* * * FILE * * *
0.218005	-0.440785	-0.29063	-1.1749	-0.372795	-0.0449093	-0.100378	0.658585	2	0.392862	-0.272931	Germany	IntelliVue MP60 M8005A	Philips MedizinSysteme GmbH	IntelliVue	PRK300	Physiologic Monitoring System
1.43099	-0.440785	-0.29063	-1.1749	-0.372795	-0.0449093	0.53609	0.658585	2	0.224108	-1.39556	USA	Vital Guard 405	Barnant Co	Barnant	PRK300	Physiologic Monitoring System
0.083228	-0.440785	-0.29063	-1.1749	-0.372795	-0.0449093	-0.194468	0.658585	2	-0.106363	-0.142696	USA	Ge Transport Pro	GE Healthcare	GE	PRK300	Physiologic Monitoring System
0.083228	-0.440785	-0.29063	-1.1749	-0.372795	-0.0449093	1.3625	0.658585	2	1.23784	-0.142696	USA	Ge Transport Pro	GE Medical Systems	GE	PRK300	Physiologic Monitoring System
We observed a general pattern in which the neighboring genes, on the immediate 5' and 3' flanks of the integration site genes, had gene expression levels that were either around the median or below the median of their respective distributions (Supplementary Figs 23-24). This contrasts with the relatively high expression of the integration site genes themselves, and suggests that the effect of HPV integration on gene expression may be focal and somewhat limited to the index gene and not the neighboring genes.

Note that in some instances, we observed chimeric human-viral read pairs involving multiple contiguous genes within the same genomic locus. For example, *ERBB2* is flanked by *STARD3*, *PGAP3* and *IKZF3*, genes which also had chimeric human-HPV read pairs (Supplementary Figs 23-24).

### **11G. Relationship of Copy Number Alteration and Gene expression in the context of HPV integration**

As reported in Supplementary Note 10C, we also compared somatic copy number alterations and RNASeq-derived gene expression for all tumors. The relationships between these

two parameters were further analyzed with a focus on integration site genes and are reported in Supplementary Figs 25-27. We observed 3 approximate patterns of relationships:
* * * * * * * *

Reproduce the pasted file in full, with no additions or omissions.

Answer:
0.218005	-0.440785	-0.29063	-1.1749	-0.372795	-0.0449093	-0.100378	0.658585	2	0.392862	-0.272931	Germany	IntelliVue MP60 M8005A	Philips MedizinSysteme GmbH	IntelliVue	PRK300	Physiologic Monitoring System
1.43099	-0.440785	-0.29063	-1.1749	-0.372795	-0.0449093	0.53609	0.658585	2	0.224108	-1.39556	USA	Vital Guard 405	Barnant Co	Barnant	PRK300	Physiologic Monitoring System
0.083228	-0.440785	-0.29063	-1.1749	-0.372795	-0.0449093	-0.194468	0.658585	2	-0.106363	-0.142696	USA	Ge Transport Pro	GE Healthcare	GE	PRK300	Physiologic Monitoring System
0.083228	-0.440785	-0.29063	-1.1749	-0.372795	-0.0449093	1.3625	0.658585	2	1.23784	-0.142696	USA	Ge Transport Pro	GE Medical Systems	GE	PRK300	Physiologic Monitoring System
We observed a general pattern in which the neighboring genes, on the immediate 5' and 3' flanks of the integration site genes, had gene expression levels that were either around the median or below the median of their respective distributions (Supplementary Figs 23-24). This contrasts with the relatively high expression of the integration site genes themselves, and suggests that the effect of HPV integration on gene expression may be focal and somewhat limited to the index gene and not the neighboring genes.

Note that in some instances, we observed chimeric human-viral read pairs involving multiple contiguous genes within the same genomic locus. For example, *ERBB2* is flanked by *STARD3*, *PGAP3* and *IKZF3*, genes which also had chimeric human-HPV read pairs (Supplementary Figs 23-24).

### **11G. Relationship of Copy Number Alteration and Gene expression in the context of HPV integration**

As reported in Supplementary Note 10C, we also compared somatic copy number alterations and RNASeq-derived gene expression for all tumors. The relationships between these

two parameters were further analyzed with a focus on integration site genes and are reported in Supplementary Figs 25-27. We observed 3 approximate patterns of relationships: